Constitution Day

Print More

(HOST) On September 17, 1787, the 55 delegates to the Constitutional Convention signed the United States Constitution. Commentator Cheryl Hanna tells us of a new way Americans will be remembering this historic event.

(HANNA) In an ironic twist, the federal government is forcing schools to celebrate the very document that forbids unwarranted government intrusion into the lives of we, the people.

Last year, Congress passed a law that requires all schools receiving federal funds, including universities, to hold an education program about the Constitution on September 17th of each year. Given that this first Constitution Day falls on a Saturday, schools have the previous week to comply.

Although the law isn’t entirely clear, those schools that fail to celebrate Constitution Day could risk losing all federal funds.

The law was introduced by Democratic Senator Robert Byrd of West Virginia, who added the law to a massive appropriations bill without much publicity or debate. Senator Byrd, Congress’s self-appointed Constitutional scholar, believes Americans don’t know enough about the Constitution. It’s true, surveys show a majority of students actually believe the government should give its permission before allowing stories to run in the press. Scary, huh?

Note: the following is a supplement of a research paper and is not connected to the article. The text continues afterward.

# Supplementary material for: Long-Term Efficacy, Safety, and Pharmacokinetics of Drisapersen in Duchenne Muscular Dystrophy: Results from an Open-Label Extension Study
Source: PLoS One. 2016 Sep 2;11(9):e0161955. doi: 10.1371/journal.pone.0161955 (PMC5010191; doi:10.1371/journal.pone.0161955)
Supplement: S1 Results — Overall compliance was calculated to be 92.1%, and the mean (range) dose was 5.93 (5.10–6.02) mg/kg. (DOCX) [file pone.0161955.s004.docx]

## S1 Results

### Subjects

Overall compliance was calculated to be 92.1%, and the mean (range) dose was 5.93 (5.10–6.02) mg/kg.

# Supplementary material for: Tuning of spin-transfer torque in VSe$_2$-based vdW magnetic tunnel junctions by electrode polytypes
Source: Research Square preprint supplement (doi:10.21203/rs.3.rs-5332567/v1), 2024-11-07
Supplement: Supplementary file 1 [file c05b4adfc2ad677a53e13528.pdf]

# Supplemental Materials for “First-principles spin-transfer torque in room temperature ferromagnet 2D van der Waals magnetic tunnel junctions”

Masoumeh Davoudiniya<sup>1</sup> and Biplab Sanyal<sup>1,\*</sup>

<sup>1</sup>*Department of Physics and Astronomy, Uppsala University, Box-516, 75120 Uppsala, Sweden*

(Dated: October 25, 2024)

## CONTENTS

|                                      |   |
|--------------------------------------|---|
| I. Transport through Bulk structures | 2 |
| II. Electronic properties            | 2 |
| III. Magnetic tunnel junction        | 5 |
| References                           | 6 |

So I agree with Senator Byrd. American’s don’t know enough about the Constitution — because if they did they’d question whether the law itself is Constitutional.

The government is not supposed to force Americans to be patriotic, nor should it mandate that any particular political viewpoint be taught in public schools. Granted, the law doesn’t specify what kind of program schools must sponsor, so, I suppose, a school could comply by having a program questioning the Constitutionality of the law itself.

But it makes me nervous when the federal government tries to dictate what Americans should be taught.

As one of my colleagues remarked, “What’s next? Mandatory creation science day?”

Even if you aren’t worried about the slippery slope of government propaganda, this law is another unfunded government mandate that will further burden our public schools that are already struggling to meet the No Child Left Behind requirements.

Indeed, one of my more economically-minded colleagues suggested that Constitutional experts could make a lot of money offering programs to schools that have neither the time nor the talent to arrange these programs themselves. After all, it may be easy for a law school to comply, but medical schools? Besides, there’s nothing unconstitutional about profiting from short-sighted government policies.

Politicians should be careful what they wish for: If schools do a good job educating students about the Constitution, then they’ll come to realize the danger of these kinds of government mandates. Maybe then they’ll exercise their Constitutional right to vote by supporting politicians who’ll resist such feel-good policies that run counter to democratic freedoms.

Yet, how could I, someone who teaches and comments on the Constitution for her living, oppose this law? Here’s the difference: if you don’t want to learn about the Constitution, unlike the federal government, I can’t force you to listen to me.

This is Cheryl Hanna.

Cheryl Hanna is a professor at Vermont Law School in South Royalton.

Comments are closed.